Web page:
US 525663 A
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Description (OCR text may contain errors)
N. W. MOTTINGBR.
No. 525,663. Patented Sept. 4 1894.
UNITED STATES PATENT OFFICE.
NOAH W. MOTTINGER, OF AKRON, OHIO.
SPECIFICATION forming part of Letters Patent No. 525,663, dated Sept mber 4, 1894.
Application filed March 30. 1894. Serial No. 505,791. (No model.)
To all wlzmn it may concern:
Be it known that I, NOAH W. MOTTINGER, of Akron, in the county of Summit and State of Ohio, have invented certain new and useful Improvements in Sash Fasteners or Locks; and I do hereby declare the following to be a full, clear, and exact description of the invention, such as will enable others skilled in the art to which it pertains to make and use the same, reference being had to the accompanying drawings, which form a part of this specification.
My invention relates to improvements in sash fasteners or looks, and it consists in the construction and-arrangement of parts which will be fully described hereinafter and par ticularly referred to in the claims.
The object of my invention is to providea sash lock or fastener, which is adapted to lock or hold the sash either in a raised, lowered or intermediate position as may be desired, and the nature of my invention is to have the outer wall of the casing below the face of the sash, and the handles of the hold ing pawls projecting through said wall and stopping inside the face of the sash to permit one sash to move freely by the other without any interference.
In the accompanying drawingsz-Figure 1 is a side elevation of a window sash and jamb with my invention applied thereto. Fig. 2 is a detached view of the fastener casing. Fig. 3 is a detached view of one of the locking pawls.
A indicates the window sash and B the window jamb, and O a casing which is placed within a circular opening D made in the said sash. This casing consists of the circular wall E and the outer wall F, the outer edge of the said casing being made straight as shown at G. The outer wall of this casing is provided with two curved slots I which are formed on the arc of a circle drawn from the point J, as the center. Placed within this casing are the two pawls K, which are provided with pivotal openings L, through which the pivotal screw Q passes, the said screw also passing through the point J, of said casing into the sash. These pawls are cut away as shown so that one is permitted to rest over the other, and the said screw Q serves to form a pivotal point for the pawls, and also as a means for securing the casing to the sash. One end of these pawls is provided with the ratchet points M, and the other end with laterally extending studs P which project through the slots in thecasing and form handles by means of which the pawls are operated as will be clearly understood, and more fully specified hereinafter.
Between the handles P and the pivotal points L of the pawls each is provided with laterally extending studs N, over which the ends of a spiral spring R pass as clearly shown, and which spring serves to hold the pawls normally apart and their ratchet ends in contact with the window jamb itself, or in engagement with a metallic notched or corrugated plate S secured to the said amb. These studsNserve to hold the spiral spring in place, and this spring is curved as shown so that it conforms to the arc of the circle in which the said studs N travel.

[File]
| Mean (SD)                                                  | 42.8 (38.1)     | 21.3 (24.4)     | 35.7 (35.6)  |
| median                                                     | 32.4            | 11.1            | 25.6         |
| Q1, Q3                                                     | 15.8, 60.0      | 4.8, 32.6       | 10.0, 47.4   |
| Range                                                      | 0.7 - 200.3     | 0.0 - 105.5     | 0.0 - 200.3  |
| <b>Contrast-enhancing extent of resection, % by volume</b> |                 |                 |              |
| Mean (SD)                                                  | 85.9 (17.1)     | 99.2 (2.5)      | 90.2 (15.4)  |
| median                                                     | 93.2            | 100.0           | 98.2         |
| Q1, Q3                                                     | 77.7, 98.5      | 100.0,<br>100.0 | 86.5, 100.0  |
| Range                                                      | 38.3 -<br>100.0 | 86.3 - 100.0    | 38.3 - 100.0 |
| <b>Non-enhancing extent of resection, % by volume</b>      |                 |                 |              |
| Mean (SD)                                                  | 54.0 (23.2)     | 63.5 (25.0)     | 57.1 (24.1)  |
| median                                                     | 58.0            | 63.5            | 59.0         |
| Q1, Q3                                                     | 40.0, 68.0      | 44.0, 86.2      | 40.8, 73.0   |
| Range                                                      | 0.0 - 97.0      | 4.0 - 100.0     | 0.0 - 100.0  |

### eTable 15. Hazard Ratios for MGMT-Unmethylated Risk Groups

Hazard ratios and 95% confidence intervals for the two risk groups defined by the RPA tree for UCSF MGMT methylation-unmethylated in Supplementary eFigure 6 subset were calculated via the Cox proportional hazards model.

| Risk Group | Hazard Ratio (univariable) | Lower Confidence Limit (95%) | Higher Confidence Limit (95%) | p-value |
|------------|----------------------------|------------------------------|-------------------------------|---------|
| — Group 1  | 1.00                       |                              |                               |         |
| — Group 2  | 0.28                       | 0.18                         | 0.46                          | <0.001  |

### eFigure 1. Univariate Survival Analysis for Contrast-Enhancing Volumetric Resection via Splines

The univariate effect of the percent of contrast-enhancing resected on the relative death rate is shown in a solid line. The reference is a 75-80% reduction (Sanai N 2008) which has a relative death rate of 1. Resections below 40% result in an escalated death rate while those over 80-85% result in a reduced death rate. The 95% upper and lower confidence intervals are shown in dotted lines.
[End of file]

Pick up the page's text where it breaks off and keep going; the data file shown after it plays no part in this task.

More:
An S-shaped latch T is intermediately pivoted to the portion U between the slots 1, the hooked ends of said latch serving to engage the handlesP of the pawls and holding their opposite ends out of engagement with the window jamb, or either one of said pawls may be independently held out of engagement with said jamb.
The spiral spring holds the pawls normally apart and their opposite ends are normally held in engagement with the window jamb so that the sash is locked against movement in either direction. When however it is desired to move the sash either up or down the handles of the pawls are grasped between the thumb and fingers and drawn together which disengages their ends from the jamb, when the sash can be readily lowered or raised.
It will be noticed that the outer wall of the casing is slightly below the outer face of theto the lower sash is preferably, though not necessarily formed with handles which extend beyond the face of the sash to permit them to be more conveniently grasped. When applied to the upper sash, the outer Wall will be sufficiently inside of the face of the sash to permit the latch to be placed therein so that the pawls can be locked, or either one locked independently, so that the movement of the sash will not be interfered with in elther direction preferred, or if desired it can be permitted to move freely in both directlons.
From the above construction it will be seen that I have produced a very simple and efiective lock for window sashes, by means of which the sash can be locked against movement in either direction, the pivotal point or pin for the pawls also serving to secure the device in place, and the pawls capable of being readily locked out of contact with the window jamb.
Having thus described my invention, what I claim, and desire to secure by Letters Patout, is-- 1. A sash fastener comprising acasing having an outer wall below the face of the sash, pawls pivoted within the casing having handles projecting through an opening in said casing and stopping inside of the face of the sash, and a spring for said pawls, substantially as set'forth.
2. A sash fastener comprising a casing having two curved openings, pawls within the casing, a pivotal pin for the pawls, the pawls 35